I think we need in addition to the monetary calculations you made further paradigm for our decisions where to go. One could be the degree of reuse, or fulfillment of the goals of the circular economy. See i.e. :  www.construcia.com .
Every percentage would count. No matter if we monetarize or not.

Thanks again, I learned a lot.

Heiner 
Heiner, the old farmer.....
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  • romu
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Re: New article: Life-cycle costs of a resource-oriented sanitation system and implications for advancing a circular economy approach to sanitation

Dear Naomi,

This looks an interesting paper. Kindly share with me the full document on my email: This email address is being protected from spambots. You need JavaScript enabled to view it. 

Thanks
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  • Prasanta
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Re: New article: Life-cycle costs of a resource-oriented sanitation system and implications for advancing a circular economy approach to sanitation

Interesting article on life cycle costing of the FSM and circular economy. Could you share the full paper to me (This email address is being protected from spambots. You need JavaScript enabled to view it.)Thanks. 
Prasanta Kumar Mohapatra
Chief Engineer
Odisha Water Supply & Sewerage Board
Bhubaneswar, Odisha
India
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  • ncarrard
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  • I am an applied researcher at the Institute for Sustainable Futures - University of Technology Sydney. My research interests and expertise include the WASH-gender nexus, the human rights to water and sanitation and how the WASH sector grapples with big picture sustainability questions. I work with partners in the Asia-Pacific region .
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Re: New article: Life-cycle costs of a resource-oriented sanitation system and implications for advancing a circular economy approach to sanitation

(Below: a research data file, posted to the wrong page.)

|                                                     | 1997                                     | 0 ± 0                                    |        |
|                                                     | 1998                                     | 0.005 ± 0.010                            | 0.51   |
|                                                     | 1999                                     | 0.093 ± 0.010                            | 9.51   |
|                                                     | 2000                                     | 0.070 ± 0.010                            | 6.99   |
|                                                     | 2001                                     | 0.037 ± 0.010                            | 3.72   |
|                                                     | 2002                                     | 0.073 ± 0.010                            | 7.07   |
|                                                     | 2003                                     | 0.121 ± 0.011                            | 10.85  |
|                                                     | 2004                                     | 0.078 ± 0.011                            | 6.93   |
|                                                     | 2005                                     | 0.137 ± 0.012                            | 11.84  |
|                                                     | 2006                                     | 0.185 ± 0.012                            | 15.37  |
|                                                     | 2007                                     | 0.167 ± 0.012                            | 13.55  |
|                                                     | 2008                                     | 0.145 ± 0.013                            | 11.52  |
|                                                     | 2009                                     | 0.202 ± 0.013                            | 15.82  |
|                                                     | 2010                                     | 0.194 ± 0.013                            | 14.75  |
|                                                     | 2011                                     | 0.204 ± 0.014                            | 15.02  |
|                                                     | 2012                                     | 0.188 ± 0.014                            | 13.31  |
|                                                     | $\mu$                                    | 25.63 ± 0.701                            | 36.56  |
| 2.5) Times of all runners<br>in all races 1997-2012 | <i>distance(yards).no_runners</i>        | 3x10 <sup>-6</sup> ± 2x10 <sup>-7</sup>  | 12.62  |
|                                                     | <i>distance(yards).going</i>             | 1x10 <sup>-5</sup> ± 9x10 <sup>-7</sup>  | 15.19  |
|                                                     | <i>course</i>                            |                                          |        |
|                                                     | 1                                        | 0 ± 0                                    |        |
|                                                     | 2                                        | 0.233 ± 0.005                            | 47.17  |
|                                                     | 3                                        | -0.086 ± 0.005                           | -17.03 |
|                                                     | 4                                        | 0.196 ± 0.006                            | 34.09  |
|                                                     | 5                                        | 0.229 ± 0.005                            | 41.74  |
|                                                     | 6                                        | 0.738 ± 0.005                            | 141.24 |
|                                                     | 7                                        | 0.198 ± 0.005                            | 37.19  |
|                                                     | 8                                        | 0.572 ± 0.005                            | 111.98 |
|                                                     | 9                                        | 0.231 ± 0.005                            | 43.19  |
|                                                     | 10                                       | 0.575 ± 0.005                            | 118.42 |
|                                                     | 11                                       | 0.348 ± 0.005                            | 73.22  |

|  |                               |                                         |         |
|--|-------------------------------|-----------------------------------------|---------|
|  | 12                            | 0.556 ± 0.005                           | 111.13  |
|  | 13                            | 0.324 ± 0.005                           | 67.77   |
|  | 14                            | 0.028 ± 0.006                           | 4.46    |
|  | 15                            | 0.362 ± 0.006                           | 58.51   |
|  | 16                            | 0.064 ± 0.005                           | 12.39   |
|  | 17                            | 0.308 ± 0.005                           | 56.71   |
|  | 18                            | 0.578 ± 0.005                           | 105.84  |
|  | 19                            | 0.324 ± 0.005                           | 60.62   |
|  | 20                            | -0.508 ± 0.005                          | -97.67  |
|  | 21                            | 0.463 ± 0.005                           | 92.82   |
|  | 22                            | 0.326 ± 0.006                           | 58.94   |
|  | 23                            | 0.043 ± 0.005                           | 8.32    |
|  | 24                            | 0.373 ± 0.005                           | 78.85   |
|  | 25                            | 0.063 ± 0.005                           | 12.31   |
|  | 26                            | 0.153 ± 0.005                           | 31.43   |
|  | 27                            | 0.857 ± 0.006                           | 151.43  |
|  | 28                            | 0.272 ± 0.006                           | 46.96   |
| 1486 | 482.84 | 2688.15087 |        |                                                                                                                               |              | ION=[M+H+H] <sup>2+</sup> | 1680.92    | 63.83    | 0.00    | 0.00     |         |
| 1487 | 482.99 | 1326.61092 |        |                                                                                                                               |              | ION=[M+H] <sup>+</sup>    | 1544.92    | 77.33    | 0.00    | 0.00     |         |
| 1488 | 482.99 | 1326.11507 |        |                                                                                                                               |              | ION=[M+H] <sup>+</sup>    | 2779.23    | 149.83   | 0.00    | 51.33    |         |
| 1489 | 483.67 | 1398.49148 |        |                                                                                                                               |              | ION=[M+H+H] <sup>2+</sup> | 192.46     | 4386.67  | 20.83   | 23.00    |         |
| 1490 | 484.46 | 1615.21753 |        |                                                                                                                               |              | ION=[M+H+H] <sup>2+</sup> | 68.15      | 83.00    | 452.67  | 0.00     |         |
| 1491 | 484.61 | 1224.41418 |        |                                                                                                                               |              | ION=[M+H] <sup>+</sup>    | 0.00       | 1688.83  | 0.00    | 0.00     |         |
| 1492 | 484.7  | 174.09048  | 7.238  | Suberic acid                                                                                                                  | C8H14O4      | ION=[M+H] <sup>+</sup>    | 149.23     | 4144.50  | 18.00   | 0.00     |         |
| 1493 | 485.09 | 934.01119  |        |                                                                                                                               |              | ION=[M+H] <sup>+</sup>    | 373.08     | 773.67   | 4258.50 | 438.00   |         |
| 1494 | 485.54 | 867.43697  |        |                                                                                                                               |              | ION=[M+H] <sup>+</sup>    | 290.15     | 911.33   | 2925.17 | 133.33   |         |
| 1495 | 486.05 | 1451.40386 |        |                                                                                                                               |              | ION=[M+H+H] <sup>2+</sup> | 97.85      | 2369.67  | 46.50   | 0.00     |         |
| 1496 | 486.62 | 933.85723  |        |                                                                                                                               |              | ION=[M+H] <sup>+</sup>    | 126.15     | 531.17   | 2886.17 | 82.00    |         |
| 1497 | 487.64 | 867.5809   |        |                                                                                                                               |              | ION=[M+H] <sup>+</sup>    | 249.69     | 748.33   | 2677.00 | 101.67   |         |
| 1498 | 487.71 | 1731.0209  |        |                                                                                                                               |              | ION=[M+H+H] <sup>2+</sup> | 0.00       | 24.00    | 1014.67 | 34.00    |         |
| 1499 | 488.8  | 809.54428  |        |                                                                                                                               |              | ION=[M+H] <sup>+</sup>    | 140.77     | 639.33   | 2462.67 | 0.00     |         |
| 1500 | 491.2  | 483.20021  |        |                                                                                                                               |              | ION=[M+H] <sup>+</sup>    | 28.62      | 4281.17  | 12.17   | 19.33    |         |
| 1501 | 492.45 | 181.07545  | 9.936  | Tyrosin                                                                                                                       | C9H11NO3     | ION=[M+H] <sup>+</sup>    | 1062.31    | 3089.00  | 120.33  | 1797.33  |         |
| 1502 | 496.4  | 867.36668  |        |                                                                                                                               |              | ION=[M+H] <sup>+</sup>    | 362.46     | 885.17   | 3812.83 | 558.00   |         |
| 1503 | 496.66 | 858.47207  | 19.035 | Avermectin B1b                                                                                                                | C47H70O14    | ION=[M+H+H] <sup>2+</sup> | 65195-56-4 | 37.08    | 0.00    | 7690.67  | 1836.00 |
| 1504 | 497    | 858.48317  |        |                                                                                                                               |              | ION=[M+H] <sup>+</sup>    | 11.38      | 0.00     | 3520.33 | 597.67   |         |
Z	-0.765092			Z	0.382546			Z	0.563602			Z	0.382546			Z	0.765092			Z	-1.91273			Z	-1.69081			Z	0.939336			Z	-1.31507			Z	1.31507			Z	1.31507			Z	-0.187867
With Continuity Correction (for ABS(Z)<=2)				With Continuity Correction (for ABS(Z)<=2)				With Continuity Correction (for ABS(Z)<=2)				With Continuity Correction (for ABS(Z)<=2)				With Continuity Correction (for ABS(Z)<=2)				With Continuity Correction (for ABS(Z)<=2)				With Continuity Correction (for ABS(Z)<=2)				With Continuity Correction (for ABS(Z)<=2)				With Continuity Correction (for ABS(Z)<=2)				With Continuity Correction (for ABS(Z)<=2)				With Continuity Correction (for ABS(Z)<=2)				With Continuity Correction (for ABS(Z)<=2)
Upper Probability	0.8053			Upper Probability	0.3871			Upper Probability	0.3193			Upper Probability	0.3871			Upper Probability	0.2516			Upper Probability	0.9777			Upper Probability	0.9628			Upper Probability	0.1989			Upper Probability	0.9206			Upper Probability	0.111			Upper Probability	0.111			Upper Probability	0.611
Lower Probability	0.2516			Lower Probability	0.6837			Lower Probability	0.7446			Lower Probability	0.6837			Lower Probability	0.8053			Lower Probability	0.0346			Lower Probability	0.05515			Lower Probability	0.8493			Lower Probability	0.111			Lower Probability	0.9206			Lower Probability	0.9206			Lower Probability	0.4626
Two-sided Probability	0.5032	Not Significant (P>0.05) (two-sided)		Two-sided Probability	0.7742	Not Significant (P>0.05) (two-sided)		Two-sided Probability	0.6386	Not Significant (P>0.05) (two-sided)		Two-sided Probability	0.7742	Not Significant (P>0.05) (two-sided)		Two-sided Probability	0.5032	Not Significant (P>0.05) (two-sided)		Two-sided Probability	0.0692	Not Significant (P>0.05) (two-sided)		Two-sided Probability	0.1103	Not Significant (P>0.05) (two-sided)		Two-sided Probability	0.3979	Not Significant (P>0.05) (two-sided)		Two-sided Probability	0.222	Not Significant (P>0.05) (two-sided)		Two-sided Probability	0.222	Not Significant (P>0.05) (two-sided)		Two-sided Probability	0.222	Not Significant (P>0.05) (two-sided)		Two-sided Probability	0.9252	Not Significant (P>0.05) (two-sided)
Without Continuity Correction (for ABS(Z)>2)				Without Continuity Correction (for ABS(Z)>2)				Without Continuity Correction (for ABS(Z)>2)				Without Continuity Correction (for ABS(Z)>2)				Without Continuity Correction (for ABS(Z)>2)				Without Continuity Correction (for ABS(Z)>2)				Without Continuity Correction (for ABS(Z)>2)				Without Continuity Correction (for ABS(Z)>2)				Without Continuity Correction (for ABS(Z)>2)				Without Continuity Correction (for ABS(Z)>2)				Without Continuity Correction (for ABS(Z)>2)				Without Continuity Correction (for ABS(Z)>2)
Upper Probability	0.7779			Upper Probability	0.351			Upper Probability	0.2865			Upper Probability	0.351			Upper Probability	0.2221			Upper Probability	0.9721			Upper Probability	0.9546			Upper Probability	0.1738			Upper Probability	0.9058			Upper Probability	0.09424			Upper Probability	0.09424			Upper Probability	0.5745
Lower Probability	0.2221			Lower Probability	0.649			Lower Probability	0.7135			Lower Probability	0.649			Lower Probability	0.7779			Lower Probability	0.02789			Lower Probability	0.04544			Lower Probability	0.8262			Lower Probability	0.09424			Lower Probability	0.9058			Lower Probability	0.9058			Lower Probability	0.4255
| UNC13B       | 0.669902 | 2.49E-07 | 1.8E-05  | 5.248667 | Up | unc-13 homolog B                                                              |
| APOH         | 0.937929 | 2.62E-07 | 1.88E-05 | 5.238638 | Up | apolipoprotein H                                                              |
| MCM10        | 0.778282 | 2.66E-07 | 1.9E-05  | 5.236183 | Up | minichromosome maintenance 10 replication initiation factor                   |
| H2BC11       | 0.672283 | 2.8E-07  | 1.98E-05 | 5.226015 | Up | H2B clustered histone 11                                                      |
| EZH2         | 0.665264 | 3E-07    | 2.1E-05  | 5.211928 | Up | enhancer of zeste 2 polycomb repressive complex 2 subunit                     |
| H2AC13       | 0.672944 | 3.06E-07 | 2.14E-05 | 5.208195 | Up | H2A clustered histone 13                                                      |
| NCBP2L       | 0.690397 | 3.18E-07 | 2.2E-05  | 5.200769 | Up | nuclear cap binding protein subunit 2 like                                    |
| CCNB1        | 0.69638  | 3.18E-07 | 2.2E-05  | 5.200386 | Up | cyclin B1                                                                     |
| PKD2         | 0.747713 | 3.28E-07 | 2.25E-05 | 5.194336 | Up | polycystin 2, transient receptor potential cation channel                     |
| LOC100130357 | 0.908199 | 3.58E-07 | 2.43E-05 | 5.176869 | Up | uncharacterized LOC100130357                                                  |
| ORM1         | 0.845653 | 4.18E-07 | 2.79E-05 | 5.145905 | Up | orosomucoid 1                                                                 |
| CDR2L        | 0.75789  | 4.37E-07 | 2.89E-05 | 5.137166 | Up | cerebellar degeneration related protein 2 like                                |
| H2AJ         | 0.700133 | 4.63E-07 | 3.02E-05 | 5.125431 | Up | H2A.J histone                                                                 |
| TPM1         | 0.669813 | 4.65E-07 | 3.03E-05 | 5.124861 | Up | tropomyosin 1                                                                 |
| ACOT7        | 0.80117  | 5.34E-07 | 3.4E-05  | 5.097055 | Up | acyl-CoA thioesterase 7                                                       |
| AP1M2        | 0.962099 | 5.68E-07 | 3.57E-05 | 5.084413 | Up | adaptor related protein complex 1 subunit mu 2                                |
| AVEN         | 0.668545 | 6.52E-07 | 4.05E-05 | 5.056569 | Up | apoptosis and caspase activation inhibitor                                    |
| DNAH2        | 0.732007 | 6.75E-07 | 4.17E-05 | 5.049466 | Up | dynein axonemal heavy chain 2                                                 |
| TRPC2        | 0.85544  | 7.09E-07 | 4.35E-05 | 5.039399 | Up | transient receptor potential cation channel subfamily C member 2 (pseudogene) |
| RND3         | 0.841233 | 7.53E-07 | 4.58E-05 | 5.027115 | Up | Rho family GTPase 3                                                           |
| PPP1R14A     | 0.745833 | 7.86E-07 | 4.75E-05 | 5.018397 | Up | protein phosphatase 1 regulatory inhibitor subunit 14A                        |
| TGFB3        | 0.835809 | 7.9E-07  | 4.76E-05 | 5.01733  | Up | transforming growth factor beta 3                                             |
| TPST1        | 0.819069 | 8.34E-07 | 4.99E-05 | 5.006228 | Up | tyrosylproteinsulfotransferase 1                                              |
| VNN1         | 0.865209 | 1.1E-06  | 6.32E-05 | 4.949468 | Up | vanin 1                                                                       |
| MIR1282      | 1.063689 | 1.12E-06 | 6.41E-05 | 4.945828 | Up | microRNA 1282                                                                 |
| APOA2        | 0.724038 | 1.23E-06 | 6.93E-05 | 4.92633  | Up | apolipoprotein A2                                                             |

Thanks for your reflections and suggestions Heiner, I much appreciate reading your thoughts. 

On your final point regarding the limitations of working with market prices, I agree and hope that the key message in the study was clear - ie that these kind of cost analysis should not be about 'whether' to invest in resource-oriented sanitation, but instead about how to do so in the most efficient and equitable ways. This proposes a different goal from common cost assessments, and aligns with your suggestion about driving decisions with eg. % reuse rather than with reference to costs. In other words, I agree with prioritising reuse in the goal and decision making framework, and still think within this it is important to also consider costs to ensure viability and equitable distribution of costs and benefits.
Naomi Carrard
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Institute for Sustainable Futures
University of Technology Sydney
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  • ncarrard
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  • I am an applied researcher at the Institute for Sustainable Futures - University of Technology Sydney. My research interests and expertise include the WASH-gender nexus, the human rights to water and sanitation and how the WASH sector grapples with big picture sustainability questions. I work with partners in the Asia-Pacific region .
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Re: New article: Life-cycle costs of a resource-oriented sanitation system and implications for advancing a circular economy approach to sanitation

Thanks for your interest Prasanta, I have emailed you the paper.
Naomi Carrard
Researcher
Institute for Sustainable Futures
University of Technology Sydney